Bruce Nauman: His Mark
SITE SANTA FE presents His Mark, Bruce Nauman’s first solo exhibition in New Mexico which will include new and recent video installation, 3D video, and self-portrait work which has never been exhibited before. Since the 1960s, Bruce Nauman’s work has questioned the very nature of what constitutes art and being an artist. He is known for making his body—his hands in particular—the object of his work and a tool for exploring the relationship between language and meaning.
His Mark explores spaces between the intimate and the historical through the 3D video installation His Mark (2021) and two related works, the single-channel video projection Practice (2022) and the single-channel 3D video projection Spider (2021). The reoccurring X gesture echoed in each work has nuanced autobiographical and historical origins. Inspired in part by Treaty 7, a controversial 1877 land treaty between the Canadian government and Isapo-Muxika, the chief of the Siksika peoples at that time, Nauman’s somber, repetitious gesture underscores the mournful implications of loss and subtly signifies its rippling impact.
Shown alongside this series is a new work, Self Portrait at 80 (2022). Nauman often returns to earlier works or materials, recontextualizing or reconfiguring them, and in the process arrives at new meanings. Self Portrait at 80, shown publicly for the first time in this exhibition, repurposes the 2018 video Walking a Line. For this new iteration, Nauman reverses all the parameters: the color is removed, the motion is reversed but the soundtrack is not, and the projected 3D image is flipped back-to-front and front-to-back. The result is an inversion of the spatial relationships among the objects pictured: the artist amidst various items in his studio, a perennial Nauman subject.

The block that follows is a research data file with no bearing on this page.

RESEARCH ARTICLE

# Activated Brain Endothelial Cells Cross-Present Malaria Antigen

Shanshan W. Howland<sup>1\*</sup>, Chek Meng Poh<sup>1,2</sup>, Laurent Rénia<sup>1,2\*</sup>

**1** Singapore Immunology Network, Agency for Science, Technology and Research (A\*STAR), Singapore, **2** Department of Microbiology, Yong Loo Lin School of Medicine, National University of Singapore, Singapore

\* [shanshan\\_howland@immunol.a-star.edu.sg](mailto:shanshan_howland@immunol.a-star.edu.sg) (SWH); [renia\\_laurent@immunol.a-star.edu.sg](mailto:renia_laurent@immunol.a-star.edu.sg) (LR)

Since his first solo gallery show in 1966, Nauman has been the subject of many notable museum exhibitions, including a survey organized by the Los Angeles County Museum of Art and the Whitney Museum of American Art (1972-73) and a survey at the Whitechapel Art Gallery, London in collaboration with the Kunsthalle Basel and the Musée d’Art Moderne de la Ville de Paris (1986-87). A major retrospective, co-organized by The Walker Art Center and the Hirshhorn Museum, opened at the Museo Nacional Centro de Arte Reina Sofia, Madrid, and travelled to the Museum of Contemporary Art, Los Angeles; The Museum of Modern Art, New York; and Kunsthaus Zurich (1993-95).
Other important solo exhibitions include “Raw Materials,” commissioned for Tate Modern’s Turbine Hall (2004); “A Rose Has No Teeth: Bruce Nauman in the 1960s” at the Berkeley Art Museum, Castello di Rivoli, and Menil Collection (2007-08); and “Bruce Nauman” at the Fondation Cartier (2015). “Bruce Nauman: Disappearing Acts,” a comprehensive retrospective, debuted at Schaulager, Basel (2018) and traveled to The Museum of Modern Art, New York and MoMA P.S.1 (2018-19). In 2020, Tate presented a survey that traveled to the Stedelijk Museum, Amsterdam (2021), M Woods, Beijing (2022), and Pirelli HangarBicocca, Milan (2022-23).
In May 2021, Palazzo Grassi – Punta della Dogana opened “Bruce Nauman: Contrapposto Studies,” which was on view until November 2022. Nauman received the Wolf Foundation Prize in Arts in 1993, the Wexner Prize in 1994, the Golden Lion at the 48th Venice Biennale in 1999, and the Praemium Imperiale in 2004 in Japan. Nauman represented the United States at the 2009 Venice Biennale; the pavilion was awarded the Golden Lion for Best National Participation. Nauman was the 2014 laureate of the Austrian Frederick Kiesler Prize. Since his first exhibition at Sperone Westwater in 1976, Nauman has exhibited regularly at the gallery (1982, 1984, 1988, 1989, 1990, 1996, 2002, 2008, 2010, 2013, 2016, 2020 and 2022).